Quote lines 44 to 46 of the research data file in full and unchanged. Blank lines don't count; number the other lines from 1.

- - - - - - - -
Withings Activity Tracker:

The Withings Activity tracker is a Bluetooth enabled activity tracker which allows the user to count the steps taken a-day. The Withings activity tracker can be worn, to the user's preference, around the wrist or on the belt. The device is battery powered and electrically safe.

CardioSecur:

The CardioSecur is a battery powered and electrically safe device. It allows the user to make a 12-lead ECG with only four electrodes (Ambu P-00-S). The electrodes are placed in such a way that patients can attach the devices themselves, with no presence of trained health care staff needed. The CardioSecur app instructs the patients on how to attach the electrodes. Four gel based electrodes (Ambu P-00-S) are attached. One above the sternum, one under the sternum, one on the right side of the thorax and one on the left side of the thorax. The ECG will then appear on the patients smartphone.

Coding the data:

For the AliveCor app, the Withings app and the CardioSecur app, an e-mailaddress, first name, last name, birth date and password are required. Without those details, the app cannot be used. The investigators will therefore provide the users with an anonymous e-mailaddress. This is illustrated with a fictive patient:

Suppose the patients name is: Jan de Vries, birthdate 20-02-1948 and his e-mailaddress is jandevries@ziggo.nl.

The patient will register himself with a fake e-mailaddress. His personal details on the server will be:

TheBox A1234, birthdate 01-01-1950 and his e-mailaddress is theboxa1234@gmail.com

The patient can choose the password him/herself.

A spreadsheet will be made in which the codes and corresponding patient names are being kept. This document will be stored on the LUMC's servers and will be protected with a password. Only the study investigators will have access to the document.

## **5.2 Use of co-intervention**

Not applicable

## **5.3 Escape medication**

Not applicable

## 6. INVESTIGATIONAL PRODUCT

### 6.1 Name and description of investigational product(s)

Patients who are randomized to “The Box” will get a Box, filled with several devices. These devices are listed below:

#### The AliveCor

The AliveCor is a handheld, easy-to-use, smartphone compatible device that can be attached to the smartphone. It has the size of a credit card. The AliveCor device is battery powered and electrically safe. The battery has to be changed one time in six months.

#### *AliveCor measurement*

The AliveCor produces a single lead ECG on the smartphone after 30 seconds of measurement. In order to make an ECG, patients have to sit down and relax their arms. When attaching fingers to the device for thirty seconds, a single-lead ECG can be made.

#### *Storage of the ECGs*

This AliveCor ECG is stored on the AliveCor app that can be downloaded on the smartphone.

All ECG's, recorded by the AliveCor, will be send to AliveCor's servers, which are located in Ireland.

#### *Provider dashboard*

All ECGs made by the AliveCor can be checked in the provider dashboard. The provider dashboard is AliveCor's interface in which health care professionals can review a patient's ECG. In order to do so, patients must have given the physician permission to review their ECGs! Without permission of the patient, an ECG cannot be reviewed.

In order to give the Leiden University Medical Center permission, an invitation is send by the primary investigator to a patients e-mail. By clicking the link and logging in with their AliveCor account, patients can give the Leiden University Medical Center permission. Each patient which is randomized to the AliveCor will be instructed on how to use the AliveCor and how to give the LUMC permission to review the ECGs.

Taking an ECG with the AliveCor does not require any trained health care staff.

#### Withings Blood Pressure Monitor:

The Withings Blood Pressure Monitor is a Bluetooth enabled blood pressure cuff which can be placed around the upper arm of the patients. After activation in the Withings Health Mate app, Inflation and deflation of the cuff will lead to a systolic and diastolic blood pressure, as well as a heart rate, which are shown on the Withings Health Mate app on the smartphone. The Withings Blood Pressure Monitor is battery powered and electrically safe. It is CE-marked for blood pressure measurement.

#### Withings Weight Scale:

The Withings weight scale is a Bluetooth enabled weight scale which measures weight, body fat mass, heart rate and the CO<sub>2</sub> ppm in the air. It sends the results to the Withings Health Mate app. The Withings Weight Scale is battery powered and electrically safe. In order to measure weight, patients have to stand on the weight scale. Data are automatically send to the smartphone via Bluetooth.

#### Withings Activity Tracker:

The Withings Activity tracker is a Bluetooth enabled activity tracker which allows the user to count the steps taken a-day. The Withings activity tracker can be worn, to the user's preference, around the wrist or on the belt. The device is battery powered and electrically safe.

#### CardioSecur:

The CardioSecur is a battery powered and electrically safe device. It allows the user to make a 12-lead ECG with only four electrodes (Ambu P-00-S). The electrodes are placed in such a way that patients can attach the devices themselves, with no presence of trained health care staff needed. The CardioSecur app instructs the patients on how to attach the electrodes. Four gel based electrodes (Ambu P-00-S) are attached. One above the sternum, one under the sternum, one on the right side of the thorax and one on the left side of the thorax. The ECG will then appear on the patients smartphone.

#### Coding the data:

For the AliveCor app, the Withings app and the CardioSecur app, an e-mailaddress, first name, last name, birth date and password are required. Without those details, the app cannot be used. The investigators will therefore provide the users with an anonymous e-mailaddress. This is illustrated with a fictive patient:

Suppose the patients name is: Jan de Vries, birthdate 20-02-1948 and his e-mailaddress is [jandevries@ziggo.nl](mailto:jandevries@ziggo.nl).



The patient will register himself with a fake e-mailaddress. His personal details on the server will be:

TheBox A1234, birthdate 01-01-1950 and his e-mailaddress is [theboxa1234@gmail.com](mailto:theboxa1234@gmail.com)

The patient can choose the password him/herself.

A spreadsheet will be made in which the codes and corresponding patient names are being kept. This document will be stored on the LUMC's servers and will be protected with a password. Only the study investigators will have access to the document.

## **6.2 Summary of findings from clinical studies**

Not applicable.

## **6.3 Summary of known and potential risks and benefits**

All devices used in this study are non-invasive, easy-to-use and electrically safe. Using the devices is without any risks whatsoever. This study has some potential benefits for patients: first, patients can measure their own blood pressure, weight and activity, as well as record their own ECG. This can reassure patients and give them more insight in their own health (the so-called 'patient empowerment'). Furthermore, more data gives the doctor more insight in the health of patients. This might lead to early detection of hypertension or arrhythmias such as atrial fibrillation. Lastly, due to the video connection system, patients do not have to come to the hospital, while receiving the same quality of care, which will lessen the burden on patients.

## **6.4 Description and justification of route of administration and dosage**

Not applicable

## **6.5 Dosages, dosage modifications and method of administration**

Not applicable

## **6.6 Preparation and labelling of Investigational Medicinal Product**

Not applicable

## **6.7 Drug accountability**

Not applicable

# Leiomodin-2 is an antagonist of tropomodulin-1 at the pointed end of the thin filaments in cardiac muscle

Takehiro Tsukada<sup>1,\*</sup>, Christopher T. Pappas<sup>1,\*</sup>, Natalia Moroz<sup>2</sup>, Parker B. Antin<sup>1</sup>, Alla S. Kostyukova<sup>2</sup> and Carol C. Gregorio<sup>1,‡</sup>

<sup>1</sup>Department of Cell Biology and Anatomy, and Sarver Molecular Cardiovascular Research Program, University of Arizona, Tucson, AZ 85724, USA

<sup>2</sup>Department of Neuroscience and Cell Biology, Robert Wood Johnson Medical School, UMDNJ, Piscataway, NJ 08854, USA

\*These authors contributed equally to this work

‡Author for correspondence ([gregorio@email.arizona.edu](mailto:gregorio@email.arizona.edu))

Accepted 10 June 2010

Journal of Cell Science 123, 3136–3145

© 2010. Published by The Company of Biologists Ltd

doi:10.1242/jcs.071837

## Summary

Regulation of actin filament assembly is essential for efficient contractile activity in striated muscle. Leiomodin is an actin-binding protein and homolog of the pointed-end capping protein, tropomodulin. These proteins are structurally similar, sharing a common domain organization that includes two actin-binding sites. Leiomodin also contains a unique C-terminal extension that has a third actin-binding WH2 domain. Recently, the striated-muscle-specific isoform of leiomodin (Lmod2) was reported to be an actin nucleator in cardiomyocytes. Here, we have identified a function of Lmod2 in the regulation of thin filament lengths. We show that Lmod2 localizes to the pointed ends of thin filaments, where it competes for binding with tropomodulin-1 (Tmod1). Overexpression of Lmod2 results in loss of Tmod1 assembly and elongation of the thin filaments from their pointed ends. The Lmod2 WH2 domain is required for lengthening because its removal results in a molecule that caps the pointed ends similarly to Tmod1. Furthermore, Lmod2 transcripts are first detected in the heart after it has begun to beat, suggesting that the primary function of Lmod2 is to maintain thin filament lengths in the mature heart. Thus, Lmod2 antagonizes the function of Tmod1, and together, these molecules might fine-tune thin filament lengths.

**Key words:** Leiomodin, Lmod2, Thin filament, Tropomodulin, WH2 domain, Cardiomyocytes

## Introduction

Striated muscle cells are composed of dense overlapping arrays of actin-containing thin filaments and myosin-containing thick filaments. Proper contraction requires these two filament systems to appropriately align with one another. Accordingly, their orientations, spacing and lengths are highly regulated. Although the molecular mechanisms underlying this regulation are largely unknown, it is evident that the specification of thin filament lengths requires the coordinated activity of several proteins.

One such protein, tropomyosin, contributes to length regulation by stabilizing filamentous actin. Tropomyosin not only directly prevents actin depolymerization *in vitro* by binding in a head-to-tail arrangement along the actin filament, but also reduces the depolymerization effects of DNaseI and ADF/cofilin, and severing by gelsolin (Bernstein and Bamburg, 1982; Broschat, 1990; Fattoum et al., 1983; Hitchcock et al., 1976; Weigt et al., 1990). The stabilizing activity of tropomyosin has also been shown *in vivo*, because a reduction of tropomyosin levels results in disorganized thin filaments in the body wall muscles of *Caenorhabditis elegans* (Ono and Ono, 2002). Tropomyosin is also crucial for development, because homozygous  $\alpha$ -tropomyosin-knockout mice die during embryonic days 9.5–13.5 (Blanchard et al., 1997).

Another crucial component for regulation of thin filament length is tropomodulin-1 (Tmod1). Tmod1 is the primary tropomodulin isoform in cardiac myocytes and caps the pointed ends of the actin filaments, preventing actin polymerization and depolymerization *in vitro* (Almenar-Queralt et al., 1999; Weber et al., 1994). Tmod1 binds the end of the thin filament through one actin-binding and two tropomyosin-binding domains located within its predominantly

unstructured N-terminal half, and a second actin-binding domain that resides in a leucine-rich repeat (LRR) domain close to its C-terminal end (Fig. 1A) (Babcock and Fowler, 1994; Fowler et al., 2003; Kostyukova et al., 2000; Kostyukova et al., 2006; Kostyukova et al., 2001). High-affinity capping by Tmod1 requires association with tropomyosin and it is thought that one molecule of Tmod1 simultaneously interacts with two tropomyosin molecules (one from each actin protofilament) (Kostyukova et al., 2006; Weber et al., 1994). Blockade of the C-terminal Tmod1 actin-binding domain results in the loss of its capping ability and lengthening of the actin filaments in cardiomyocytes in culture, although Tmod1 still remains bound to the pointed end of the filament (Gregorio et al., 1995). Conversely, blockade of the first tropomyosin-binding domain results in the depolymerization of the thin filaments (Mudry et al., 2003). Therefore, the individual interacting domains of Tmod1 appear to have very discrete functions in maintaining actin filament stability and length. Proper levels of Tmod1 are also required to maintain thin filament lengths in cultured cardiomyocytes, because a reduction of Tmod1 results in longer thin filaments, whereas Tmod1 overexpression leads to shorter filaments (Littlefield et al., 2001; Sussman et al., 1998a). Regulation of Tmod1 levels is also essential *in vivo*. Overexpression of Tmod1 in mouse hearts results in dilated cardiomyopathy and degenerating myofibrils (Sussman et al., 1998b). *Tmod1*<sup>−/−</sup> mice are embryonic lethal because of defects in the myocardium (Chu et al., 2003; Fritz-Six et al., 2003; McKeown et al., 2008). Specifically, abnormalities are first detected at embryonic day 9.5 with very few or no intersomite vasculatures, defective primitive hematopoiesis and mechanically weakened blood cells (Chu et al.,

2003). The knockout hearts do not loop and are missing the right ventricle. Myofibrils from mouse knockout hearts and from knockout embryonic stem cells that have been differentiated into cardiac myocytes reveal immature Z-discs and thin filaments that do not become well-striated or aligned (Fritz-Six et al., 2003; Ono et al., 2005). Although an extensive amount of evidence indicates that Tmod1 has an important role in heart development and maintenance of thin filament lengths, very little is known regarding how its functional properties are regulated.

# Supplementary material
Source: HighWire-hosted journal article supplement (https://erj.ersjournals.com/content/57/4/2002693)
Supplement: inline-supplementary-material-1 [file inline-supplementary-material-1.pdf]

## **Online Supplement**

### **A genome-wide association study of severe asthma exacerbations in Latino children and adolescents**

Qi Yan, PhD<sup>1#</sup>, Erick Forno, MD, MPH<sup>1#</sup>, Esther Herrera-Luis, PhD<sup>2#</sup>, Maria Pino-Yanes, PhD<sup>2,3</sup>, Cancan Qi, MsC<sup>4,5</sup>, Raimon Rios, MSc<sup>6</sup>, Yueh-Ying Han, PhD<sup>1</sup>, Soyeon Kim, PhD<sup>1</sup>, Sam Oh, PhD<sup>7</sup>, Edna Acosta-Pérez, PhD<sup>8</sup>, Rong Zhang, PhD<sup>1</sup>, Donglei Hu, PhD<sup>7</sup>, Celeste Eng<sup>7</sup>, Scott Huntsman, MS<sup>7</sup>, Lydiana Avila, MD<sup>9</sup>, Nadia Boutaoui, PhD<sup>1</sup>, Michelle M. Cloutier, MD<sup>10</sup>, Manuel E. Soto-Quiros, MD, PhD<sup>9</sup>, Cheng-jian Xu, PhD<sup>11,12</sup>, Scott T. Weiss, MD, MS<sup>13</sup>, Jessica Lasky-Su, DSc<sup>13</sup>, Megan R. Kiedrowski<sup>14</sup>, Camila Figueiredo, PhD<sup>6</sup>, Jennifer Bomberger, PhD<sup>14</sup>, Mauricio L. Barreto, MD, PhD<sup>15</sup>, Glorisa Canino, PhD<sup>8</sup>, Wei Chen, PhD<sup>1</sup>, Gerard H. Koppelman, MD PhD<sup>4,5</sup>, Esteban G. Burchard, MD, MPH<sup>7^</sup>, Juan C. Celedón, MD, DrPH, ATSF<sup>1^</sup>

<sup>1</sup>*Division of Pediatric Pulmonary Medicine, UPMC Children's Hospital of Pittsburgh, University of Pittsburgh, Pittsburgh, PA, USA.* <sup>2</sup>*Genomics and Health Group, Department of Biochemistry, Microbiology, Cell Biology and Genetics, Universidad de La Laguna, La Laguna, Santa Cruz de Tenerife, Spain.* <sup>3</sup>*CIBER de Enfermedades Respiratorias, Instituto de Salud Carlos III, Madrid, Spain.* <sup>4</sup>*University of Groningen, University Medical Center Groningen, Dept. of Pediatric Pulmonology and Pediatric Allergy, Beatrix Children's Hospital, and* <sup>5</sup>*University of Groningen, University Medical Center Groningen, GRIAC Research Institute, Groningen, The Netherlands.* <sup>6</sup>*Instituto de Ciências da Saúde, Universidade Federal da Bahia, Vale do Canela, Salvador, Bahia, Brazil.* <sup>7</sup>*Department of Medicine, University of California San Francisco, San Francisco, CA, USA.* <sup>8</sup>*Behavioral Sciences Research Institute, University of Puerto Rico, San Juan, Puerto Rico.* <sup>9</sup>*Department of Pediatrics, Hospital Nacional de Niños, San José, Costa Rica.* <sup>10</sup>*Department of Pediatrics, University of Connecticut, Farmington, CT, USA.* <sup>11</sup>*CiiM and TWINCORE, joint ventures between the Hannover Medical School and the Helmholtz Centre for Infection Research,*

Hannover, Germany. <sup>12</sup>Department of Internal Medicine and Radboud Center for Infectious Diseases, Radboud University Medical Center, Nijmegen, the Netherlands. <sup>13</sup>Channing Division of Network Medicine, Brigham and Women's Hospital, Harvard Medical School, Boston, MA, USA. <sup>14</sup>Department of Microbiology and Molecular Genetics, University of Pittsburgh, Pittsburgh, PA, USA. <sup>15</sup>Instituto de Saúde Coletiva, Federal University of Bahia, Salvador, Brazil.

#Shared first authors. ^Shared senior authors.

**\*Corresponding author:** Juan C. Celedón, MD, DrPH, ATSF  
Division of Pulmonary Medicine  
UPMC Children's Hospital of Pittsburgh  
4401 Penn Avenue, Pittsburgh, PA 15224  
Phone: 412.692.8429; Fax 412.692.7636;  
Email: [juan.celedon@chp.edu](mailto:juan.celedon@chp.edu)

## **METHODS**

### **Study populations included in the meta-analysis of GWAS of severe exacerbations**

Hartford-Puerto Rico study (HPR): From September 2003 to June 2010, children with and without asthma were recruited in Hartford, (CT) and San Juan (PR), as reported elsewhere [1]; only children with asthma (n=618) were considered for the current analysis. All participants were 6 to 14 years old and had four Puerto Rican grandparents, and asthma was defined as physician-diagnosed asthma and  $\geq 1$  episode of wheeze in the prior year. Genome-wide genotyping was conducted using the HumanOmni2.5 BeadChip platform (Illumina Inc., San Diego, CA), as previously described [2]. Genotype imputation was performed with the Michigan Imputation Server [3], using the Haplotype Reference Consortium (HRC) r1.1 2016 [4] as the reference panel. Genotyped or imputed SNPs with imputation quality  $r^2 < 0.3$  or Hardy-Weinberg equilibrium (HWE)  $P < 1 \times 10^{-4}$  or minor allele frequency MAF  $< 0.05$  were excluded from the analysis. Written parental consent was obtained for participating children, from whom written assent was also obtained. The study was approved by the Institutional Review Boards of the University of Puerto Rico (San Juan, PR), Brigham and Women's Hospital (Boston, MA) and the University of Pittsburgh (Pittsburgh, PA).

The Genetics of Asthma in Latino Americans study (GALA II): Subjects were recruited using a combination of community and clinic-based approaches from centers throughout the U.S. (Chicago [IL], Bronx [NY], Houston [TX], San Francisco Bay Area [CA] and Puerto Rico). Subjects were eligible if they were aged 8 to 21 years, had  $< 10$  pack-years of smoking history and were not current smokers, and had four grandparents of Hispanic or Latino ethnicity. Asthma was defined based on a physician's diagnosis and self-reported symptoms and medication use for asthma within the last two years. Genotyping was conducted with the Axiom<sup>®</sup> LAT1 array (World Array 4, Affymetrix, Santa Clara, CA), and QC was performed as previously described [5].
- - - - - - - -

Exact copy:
A spreadsheet will be made in which the codes and corresponding patient names are being kept. This document will be stored on the LUMC's servers and will be protected with a password. Only the study investigators will have access to the document.

## **6.2 Summary of findings from clinical studies**

Not applicable.